It’s a Photokina year, so it’s not surprising that Panasonic would be announcing something besides itsadvanced compact, but the company has been firmly Four Thirds since its first interchangeable-lens model came out over 10 years ago. So the rumor that the company plans to show a prototype of a full-frame camera on Sept. 25 at the show, for release next year, comes as a surprise.
There’s also a countdown page for its press conference, which means something big is probably in the works.
The news was broken by 43rumors, which gives it an “FT5” probability rating — its highest level. And it comes after similarly high-probability rumors in July (which I missed) of a high-end Olympus model with a new sensor format. Since Olympus is also a Four Thirds company, it’s pretty compelling evidence for a new-size sensor.
To recap, full-frame sensors are signficantly larger than the Four Thirds sensors in Panasonic and Olympus cameras, with a 3:2 aspect ratio compared to the smaller’s 4:3. Note that the Four Thirds sensor size is distinct from the Micro Four Thirds mount (despite how I labeled the graphic below).
It’s a notable development for a couple of reasons. The different sensor aspect ratios require different lens mounts for one. Micro Four Thirds, helmed by Olympus and Panasonic, is a licensable lens standard, compared to the proprietary mounts from Nikon, Canon and Sony. So it’s possible that any full-frame mount might be open as well.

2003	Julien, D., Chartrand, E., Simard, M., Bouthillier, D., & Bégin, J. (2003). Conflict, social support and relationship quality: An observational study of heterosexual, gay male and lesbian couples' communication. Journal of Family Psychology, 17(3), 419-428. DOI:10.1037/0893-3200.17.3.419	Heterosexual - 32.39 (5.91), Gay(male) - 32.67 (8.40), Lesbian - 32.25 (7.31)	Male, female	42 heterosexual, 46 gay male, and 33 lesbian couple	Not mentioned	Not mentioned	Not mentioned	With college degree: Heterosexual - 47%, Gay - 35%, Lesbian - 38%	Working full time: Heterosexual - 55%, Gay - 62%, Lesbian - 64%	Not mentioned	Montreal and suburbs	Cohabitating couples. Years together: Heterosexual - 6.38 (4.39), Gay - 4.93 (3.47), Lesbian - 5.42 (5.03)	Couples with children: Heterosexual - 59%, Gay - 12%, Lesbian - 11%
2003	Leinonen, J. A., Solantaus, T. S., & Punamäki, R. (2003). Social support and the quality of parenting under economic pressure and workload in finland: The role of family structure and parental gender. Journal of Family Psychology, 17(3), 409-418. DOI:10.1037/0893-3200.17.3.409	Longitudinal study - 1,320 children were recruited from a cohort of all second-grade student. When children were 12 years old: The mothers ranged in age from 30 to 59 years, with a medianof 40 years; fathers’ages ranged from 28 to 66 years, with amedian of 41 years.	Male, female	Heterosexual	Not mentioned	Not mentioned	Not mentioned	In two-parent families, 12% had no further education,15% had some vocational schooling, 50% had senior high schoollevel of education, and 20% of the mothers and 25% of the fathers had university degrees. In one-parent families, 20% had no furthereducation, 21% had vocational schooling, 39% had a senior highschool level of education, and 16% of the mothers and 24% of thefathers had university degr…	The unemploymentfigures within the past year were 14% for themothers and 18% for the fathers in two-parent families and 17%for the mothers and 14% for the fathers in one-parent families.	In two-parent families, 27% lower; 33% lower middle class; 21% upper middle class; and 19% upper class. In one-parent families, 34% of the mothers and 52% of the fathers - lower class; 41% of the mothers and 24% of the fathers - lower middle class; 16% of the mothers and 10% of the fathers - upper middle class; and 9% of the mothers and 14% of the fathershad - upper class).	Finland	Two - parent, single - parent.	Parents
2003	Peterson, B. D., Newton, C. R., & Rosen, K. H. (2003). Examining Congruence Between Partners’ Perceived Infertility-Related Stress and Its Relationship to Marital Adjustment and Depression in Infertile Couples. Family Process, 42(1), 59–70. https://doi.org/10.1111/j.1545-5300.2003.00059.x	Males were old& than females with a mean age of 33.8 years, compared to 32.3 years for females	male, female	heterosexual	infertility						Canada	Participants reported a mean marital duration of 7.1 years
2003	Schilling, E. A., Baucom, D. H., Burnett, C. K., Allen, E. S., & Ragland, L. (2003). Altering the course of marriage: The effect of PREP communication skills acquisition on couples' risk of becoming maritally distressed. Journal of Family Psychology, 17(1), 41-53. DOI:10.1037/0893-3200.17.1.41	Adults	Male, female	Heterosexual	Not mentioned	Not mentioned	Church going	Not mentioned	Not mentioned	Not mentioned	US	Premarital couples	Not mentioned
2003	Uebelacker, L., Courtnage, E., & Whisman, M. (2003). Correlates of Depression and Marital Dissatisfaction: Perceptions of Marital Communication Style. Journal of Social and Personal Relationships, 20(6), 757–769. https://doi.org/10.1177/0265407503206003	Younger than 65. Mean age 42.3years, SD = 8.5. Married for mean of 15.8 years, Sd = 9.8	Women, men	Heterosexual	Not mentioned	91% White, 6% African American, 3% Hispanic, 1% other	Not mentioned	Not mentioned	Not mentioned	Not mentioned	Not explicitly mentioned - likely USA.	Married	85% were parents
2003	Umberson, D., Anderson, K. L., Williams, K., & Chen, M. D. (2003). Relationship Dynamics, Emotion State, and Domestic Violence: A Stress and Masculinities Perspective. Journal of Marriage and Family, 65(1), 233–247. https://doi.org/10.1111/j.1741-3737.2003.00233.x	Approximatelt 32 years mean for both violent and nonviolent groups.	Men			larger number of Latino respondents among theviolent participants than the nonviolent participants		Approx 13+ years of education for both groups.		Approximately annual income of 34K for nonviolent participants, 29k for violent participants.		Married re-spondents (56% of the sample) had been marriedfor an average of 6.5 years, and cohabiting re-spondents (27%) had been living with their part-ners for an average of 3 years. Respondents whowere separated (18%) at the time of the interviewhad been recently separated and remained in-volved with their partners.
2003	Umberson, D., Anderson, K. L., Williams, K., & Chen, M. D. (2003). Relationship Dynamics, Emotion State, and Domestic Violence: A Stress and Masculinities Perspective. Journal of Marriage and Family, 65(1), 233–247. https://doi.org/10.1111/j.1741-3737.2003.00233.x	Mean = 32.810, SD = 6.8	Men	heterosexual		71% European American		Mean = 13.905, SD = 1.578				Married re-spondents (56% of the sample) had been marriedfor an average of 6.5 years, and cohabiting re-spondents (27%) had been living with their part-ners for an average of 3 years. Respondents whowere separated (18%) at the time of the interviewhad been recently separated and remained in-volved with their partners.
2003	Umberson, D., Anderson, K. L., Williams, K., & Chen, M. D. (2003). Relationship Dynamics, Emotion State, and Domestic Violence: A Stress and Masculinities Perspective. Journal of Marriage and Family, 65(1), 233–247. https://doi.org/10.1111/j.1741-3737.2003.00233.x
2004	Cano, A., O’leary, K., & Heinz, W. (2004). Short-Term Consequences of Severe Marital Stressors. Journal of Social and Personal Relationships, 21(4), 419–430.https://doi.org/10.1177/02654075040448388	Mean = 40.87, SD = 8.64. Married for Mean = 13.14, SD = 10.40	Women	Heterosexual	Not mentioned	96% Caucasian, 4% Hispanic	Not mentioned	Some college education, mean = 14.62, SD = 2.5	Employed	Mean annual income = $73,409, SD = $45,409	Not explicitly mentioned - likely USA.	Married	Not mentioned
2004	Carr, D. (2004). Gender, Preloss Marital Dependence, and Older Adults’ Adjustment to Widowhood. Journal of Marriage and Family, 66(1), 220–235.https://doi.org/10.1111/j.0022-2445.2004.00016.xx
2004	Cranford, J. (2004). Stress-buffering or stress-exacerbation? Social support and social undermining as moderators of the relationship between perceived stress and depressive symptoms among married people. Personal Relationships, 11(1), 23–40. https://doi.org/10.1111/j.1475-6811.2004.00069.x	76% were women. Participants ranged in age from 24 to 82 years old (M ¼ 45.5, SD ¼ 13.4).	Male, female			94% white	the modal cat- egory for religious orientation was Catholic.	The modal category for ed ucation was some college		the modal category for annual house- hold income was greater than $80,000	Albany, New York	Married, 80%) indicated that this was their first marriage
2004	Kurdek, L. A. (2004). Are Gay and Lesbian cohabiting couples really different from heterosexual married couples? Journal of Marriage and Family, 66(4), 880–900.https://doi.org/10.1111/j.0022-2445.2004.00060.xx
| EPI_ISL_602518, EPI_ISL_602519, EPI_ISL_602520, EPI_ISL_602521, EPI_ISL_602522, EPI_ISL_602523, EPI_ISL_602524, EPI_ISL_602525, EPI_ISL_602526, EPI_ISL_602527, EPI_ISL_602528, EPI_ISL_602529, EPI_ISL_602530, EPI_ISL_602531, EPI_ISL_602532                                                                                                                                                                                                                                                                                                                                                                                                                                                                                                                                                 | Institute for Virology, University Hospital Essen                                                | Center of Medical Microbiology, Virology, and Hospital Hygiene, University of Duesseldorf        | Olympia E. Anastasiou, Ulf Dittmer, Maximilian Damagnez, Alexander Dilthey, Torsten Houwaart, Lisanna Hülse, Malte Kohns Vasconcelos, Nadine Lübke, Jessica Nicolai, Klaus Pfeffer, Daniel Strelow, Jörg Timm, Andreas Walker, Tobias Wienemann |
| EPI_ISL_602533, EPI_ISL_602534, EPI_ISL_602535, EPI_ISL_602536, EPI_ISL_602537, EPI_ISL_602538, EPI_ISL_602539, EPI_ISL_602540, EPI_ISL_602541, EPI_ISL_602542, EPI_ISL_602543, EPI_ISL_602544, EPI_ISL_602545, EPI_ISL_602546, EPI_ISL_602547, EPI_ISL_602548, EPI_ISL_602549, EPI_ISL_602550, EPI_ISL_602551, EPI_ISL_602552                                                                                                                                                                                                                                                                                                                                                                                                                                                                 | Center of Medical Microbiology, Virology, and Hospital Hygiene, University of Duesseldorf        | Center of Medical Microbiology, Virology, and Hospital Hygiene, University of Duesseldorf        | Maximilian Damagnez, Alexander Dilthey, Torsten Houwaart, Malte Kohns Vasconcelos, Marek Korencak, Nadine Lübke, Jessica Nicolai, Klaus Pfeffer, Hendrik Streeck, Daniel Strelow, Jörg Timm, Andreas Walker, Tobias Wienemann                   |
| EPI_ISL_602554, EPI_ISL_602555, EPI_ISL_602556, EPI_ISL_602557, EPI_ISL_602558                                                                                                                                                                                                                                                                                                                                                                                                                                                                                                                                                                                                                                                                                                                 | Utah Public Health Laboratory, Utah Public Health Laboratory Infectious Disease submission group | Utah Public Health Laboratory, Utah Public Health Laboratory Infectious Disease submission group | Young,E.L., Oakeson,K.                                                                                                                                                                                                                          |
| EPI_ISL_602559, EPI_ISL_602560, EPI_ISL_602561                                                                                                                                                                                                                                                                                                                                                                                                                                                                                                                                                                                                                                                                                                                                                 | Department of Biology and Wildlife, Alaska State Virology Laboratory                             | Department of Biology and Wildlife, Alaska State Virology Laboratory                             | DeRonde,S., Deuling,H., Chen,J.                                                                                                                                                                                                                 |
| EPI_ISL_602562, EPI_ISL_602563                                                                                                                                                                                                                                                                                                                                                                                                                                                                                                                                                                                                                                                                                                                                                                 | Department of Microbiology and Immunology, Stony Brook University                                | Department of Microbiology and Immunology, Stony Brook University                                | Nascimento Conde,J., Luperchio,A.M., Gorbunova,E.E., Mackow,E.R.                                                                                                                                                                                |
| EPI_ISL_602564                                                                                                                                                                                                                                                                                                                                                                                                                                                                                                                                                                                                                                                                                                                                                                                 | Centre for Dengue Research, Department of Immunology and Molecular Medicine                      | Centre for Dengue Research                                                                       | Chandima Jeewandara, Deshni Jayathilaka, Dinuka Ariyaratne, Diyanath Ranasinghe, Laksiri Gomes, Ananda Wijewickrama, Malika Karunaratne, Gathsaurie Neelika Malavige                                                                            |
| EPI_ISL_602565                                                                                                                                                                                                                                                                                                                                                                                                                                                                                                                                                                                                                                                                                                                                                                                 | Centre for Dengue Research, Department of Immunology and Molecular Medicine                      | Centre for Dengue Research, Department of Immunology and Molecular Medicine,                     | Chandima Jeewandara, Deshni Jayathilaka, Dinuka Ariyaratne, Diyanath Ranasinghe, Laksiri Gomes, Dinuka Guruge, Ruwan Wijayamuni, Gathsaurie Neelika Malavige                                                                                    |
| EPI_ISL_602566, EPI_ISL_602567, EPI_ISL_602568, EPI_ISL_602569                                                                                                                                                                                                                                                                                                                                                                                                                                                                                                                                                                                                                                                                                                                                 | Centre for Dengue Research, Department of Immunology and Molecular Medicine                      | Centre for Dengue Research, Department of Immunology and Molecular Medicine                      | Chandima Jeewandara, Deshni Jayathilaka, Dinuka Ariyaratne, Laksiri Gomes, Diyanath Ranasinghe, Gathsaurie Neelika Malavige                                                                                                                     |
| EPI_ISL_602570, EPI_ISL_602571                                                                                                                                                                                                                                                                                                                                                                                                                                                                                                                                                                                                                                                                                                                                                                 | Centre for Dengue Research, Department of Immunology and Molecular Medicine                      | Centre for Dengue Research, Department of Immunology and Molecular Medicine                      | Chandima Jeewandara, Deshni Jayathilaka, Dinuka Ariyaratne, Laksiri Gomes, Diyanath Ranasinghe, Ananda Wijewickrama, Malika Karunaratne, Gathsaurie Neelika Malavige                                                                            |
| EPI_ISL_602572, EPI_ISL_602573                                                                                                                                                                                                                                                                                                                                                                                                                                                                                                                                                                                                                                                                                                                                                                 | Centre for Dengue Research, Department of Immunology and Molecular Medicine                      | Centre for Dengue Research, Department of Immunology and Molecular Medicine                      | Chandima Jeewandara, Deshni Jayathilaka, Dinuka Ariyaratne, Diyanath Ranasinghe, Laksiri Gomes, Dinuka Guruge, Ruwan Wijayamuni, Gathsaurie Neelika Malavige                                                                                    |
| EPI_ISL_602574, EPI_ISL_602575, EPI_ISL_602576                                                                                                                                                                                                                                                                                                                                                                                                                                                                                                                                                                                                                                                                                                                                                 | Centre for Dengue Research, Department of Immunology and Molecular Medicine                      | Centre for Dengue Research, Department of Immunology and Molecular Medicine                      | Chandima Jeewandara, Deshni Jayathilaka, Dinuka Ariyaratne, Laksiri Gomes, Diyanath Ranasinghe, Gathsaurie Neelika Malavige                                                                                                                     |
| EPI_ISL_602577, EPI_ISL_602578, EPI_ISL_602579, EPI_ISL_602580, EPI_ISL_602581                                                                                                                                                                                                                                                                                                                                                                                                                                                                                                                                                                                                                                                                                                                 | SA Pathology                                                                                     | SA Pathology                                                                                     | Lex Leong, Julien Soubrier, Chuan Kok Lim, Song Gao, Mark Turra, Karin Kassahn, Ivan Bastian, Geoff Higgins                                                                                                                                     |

If true, it also means that we may finally get much better low-light and higher-resolution images from Panasonic. Micro Four Thirds models are great in tons of ways — system size is one of the biggest — but low-light quality has never matched that of full-frame or even APS-C models, mostly because of the smaller sensor size, which has also limited the maximum resolution — it currently tops out at 20 or so megapixels.
However, it’s not necessarily a full-frame sensor, which harkens back to the size of a frame of 35mm film. It could be a new, larger-size Four Thirds sensor that would encompass full-frame so you could use those lenses with an adapter using some kind of multiaspect mode.
Some people are speculating that since Leica is Panasonic’s long-time lens partner that Panasonic might use the SL-Mount that Leica uses for its, though I kind of hope not, since those lenses are really big. What would likely make sense is hybrid mount that could also take MFT lenses for a crop mode.
Since its cameras are native mirrorless, they may not need an adapter the way you need to mount a DSLR lens on a mirrorless camera; the adapters adjust the distance between the sensor and the lens (the flange distance) to compensate for the absence of a mirror.
The full-frame mirrorless segment is currently owned by Sony’s A series thanks to a several-year head start. But Nikon has just jumped in with itsand Canon’s EOS R full-frame mirrorless announcement is rumored to be imminent. However, Panasonic has been innovating a lot in the mirrorless space and working it for a lot longer than either Nikon or Canon, so it would be very interesting to see what kind of developments it brings to the format.
Panasonic declined to comment.